New rules make donating an organ easier

This article submitted by Linda Stelling on 11/10/98.

A new rule recently published in the Federal Register makes organ donation easier by requiring hospitals to report every death to the local donation agencies that coordinate life-saving and sight-saving transplants.

The new rule was issued by the Health Care Financing Administration that oversees Medicare and Medicaid. Its goal is to give every family of a potential donor the option of eye, organ and tissue donation.

Minnesota hospitals will work with the Minnesota Lions Eye Bank, LifeSource and American Red Cross Tissue Services to ensure that the family of every potential donor knows of their option to donate a loved oneís eyes, organs and tissues.

ďSince we mailed letters to hospital administrators advising them of the new rule, we have received donor referrals from hospitals that have never referred to us before,Ē Carol Engel, executive director of the Minnesota Lions Eye Bank, said. ďWe believe this is directly attributed to the ruling.Ē

The cornea is the clear, contact lens-shaped window of tissue in the front of the eye. It is the only part of the eye that is regularly transplanted. But transplant will not occur simply because a person carries a donor card or has ďdonorĒ printed on the driverís license; the deceasedís family must also give permission at the time of death, according to the Minnesota Lions Eye Bank.

Since 1960, more than 500,000 corneal transplants have been performed nationally. The Minnesota Lions Eye Bank provides more than 600 patients in the state with restored vision each year through the program. This year, the Minnesota Lions Eye Bank will provide tissue for its 10,000th corneal transplant.

There are 3.34 million people in Minnesota with driverís license, but only 1.2 million have indicated they will be donors.

Bev Mueller, assistant administrator at the Paynesville Area Health Care System, said they have had very few patients become donors since the new ruling went into effect. ďMost of our patients have not been accepted because of age,Ē Mueller said.

Donor information service states the upper age limit for a donor is 85, depending on the condition of their health at the time of their death.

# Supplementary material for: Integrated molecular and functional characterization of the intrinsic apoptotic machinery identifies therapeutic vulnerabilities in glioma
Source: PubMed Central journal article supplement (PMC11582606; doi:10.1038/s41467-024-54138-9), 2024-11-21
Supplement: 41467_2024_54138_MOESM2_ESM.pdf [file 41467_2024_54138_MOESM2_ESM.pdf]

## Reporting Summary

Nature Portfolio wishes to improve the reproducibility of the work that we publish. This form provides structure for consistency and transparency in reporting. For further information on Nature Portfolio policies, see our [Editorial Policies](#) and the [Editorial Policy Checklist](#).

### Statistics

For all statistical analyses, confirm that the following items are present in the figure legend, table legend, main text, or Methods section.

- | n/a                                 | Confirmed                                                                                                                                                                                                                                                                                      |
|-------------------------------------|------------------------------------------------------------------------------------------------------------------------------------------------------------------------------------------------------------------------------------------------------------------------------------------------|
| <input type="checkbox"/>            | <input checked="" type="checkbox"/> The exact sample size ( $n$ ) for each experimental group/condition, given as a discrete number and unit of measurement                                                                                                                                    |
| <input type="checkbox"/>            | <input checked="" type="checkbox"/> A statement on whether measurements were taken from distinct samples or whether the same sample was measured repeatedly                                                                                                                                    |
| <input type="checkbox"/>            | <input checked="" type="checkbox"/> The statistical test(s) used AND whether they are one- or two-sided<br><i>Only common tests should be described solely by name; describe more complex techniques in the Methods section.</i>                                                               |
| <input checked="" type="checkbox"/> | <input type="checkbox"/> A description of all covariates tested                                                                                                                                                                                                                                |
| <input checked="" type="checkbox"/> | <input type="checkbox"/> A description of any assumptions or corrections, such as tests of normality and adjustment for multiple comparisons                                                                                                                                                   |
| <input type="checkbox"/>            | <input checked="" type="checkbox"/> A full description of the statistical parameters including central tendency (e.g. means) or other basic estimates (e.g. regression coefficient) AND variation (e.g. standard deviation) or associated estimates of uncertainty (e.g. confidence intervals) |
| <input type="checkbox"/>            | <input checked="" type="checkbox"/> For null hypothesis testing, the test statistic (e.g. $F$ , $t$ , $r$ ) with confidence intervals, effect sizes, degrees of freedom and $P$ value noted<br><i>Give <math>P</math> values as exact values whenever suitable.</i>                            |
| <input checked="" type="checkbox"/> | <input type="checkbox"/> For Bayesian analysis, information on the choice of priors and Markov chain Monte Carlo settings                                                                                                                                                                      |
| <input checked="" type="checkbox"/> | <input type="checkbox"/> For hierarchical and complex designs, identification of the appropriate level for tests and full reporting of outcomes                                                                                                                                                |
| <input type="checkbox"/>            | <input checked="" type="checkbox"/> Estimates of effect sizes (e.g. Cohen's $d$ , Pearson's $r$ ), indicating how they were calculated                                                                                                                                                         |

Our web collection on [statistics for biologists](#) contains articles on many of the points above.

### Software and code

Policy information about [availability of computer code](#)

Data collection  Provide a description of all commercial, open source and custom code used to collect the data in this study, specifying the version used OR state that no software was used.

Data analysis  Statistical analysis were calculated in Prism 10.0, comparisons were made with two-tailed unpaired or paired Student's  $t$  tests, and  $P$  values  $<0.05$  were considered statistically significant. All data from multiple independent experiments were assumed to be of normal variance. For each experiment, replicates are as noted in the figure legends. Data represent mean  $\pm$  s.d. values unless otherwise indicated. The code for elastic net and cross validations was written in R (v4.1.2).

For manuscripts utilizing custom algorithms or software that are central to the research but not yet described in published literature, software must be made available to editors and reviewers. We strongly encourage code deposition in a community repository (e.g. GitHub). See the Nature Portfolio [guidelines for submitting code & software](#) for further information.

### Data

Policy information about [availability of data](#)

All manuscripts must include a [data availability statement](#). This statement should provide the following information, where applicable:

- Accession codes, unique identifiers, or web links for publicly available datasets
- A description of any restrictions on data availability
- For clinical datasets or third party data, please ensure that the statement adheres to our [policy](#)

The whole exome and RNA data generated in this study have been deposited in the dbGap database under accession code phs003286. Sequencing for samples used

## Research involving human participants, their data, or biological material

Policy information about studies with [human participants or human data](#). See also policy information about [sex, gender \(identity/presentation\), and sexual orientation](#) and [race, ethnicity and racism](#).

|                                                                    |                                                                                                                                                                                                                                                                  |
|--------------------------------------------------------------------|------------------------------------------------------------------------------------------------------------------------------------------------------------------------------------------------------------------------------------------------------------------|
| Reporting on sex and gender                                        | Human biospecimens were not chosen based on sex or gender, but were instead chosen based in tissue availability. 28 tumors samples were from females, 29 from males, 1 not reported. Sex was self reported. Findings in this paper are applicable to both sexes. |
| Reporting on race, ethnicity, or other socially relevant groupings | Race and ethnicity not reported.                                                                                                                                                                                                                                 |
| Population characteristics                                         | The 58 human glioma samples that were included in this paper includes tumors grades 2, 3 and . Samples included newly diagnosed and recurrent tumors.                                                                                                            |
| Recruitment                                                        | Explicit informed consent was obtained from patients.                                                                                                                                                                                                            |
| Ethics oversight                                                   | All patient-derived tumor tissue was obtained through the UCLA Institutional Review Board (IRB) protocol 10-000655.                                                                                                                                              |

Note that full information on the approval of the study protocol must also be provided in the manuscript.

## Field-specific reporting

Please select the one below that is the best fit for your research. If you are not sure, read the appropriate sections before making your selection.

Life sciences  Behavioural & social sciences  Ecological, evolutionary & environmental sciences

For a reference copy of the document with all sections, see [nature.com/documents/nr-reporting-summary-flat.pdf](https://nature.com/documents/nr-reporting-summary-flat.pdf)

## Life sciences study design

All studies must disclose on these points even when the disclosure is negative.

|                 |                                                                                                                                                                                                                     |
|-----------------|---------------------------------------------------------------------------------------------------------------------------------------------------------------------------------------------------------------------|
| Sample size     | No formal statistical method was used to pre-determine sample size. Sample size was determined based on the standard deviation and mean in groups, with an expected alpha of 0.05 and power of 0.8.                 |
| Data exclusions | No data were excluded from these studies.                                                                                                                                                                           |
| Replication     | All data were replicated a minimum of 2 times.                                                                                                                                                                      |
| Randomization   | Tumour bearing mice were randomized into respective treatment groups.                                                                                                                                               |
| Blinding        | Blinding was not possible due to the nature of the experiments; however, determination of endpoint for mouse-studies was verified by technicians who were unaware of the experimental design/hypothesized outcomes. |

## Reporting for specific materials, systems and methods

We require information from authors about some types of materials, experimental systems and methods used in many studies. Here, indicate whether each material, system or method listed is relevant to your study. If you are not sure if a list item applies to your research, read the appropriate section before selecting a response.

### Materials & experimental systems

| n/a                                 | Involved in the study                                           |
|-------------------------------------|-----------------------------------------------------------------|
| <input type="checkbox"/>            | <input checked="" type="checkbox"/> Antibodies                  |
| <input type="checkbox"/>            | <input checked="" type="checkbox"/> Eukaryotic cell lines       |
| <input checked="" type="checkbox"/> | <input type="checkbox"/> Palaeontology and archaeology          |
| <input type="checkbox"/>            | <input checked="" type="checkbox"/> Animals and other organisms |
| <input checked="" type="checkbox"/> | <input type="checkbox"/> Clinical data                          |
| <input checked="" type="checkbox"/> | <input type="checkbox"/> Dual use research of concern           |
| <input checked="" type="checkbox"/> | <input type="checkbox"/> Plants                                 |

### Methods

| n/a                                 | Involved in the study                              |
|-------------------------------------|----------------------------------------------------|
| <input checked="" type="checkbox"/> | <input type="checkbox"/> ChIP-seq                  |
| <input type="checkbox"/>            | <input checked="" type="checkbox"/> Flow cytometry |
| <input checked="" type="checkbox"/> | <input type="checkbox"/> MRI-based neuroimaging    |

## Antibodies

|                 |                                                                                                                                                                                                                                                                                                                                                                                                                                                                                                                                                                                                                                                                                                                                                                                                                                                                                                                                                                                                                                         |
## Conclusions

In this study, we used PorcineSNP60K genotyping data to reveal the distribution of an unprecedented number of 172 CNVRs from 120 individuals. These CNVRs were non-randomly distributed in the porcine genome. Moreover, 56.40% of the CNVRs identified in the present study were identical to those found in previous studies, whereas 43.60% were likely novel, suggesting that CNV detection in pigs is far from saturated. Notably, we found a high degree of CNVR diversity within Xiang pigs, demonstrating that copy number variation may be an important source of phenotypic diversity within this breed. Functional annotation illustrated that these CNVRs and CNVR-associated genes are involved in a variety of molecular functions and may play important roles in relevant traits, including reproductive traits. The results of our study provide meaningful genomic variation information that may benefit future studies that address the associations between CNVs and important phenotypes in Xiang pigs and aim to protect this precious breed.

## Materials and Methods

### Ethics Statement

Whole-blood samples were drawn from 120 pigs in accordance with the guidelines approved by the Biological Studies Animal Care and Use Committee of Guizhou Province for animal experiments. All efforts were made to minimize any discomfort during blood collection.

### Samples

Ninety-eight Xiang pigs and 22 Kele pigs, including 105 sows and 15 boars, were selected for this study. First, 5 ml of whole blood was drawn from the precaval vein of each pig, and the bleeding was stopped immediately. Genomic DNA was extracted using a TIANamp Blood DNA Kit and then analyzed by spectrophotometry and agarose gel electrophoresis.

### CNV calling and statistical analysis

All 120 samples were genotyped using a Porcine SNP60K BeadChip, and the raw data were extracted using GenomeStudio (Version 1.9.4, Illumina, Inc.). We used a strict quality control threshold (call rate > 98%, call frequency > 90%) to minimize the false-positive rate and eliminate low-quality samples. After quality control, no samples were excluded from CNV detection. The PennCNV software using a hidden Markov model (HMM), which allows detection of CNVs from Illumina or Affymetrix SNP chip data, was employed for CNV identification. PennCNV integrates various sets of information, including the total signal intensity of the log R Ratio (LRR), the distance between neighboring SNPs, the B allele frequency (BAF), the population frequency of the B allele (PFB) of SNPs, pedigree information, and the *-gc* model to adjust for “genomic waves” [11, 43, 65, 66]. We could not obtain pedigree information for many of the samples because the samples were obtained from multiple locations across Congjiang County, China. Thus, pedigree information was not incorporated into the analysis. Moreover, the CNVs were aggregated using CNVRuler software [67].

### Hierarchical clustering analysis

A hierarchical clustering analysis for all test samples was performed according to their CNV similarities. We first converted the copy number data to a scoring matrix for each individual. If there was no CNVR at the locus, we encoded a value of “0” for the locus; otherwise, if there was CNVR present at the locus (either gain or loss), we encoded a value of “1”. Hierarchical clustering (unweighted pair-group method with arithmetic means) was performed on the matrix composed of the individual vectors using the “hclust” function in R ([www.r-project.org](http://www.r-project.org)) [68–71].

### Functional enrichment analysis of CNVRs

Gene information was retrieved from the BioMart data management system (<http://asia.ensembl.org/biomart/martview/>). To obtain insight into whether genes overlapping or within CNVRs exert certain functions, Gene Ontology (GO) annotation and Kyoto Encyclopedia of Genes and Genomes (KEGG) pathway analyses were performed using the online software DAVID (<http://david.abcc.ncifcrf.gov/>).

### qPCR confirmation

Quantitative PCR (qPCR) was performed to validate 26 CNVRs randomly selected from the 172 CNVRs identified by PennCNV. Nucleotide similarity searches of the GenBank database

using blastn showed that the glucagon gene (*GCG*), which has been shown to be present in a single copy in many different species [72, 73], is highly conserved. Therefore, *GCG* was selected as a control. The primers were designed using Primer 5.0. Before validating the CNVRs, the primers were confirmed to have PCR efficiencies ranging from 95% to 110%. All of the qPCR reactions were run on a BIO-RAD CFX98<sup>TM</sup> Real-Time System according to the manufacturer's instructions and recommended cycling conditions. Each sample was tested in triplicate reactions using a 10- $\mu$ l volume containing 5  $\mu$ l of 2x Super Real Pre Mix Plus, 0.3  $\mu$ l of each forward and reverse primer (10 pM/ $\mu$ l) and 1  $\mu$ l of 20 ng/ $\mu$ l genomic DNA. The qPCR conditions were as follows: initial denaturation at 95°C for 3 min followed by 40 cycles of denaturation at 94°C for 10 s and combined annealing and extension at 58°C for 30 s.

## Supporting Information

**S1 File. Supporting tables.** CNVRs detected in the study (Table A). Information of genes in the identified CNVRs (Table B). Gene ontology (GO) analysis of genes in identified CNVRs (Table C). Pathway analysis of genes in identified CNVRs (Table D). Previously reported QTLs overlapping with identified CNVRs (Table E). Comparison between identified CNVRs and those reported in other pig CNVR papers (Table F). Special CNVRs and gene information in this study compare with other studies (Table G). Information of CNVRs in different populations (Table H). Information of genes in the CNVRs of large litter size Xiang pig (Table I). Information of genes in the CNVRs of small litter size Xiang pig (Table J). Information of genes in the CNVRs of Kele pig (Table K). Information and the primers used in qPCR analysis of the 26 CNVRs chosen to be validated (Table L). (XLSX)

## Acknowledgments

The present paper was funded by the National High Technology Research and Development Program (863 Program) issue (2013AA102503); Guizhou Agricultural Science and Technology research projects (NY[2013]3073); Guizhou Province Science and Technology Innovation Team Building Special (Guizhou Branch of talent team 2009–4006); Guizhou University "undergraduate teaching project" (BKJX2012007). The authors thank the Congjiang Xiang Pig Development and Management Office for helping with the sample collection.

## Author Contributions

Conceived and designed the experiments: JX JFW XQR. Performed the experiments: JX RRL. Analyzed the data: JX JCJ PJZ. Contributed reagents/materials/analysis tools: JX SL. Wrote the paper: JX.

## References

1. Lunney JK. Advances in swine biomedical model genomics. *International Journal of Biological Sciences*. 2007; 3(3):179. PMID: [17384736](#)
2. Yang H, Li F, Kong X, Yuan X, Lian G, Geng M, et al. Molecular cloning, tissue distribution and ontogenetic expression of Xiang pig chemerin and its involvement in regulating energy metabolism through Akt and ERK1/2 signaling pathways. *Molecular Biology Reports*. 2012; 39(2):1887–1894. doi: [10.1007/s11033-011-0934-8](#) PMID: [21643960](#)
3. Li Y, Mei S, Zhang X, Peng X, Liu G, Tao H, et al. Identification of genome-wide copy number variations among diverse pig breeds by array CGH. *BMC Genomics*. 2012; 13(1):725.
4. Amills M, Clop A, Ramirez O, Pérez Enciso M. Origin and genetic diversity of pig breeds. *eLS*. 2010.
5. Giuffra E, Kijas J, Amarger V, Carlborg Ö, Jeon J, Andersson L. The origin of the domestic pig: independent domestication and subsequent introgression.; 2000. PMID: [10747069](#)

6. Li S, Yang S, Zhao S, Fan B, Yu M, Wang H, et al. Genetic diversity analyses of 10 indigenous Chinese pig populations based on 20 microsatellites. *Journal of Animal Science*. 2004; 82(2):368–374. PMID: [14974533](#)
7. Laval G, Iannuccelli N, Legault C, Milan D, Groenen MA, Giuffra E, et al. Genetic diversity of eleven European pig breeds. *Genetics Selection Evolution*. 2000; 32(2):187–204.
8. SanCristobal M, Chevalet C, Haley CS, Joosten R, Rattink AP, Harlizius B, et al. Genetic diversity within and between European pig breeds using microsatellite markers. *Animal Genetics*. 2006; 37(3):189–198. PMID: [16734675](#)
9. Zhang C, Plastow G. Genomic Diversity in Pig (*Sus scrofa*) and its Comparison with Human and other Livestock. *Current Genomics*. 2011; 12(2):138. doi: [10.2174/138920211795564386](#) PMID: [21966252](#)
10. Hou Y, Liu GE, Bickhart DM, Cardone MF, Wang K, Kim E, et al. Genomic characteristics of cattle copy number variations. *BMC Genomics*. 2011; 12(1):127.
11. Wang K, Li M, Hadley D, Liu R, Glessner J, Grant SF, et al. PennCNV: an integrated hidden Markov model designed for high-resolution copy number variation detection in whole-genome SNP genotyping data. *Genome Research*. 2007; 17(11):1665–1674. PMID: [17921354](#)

LifeSource was formed in late 1987 and is the sole organization, selected by the federal government, which manages all organ donation activities for Minnesota, North Dakota, South Dakota, and areas of Wisconsin.

Their mission is to promote organ donation to benefit the greatest number of people through transplantation.

LifeSource manages all aspects of organ donation, from identifying potential organ donors, to matching organs with needy recipients, coor-dinating clinical activities, and arranging surgical recovery teams.

LifeSource is responsible for all expenses related to organ procurement. Funding for organ procurement activities is derived from standard procurement fees charged to the transplant centers receiving the organs. Under Medicare regulations, transplant centers can only receive organs from a federally designated organ procurement organ-ization.

According to Sandy Larsen at LifeSource, there is an organ shortage in the region (Minnesota, North and South Dakota). Last year, 565 patients benefitted from 150 donors. However, there are still 1,422 people awaiting life saving transplants.

Each donor has the potential of donating eight organs, according to Larsen. They are kidney, liver, heart, lungs, pancreas and intestines.

For more information about eye, organ and tissue donation, call 1-888-536-6283 or 1-888-5-DONATE.

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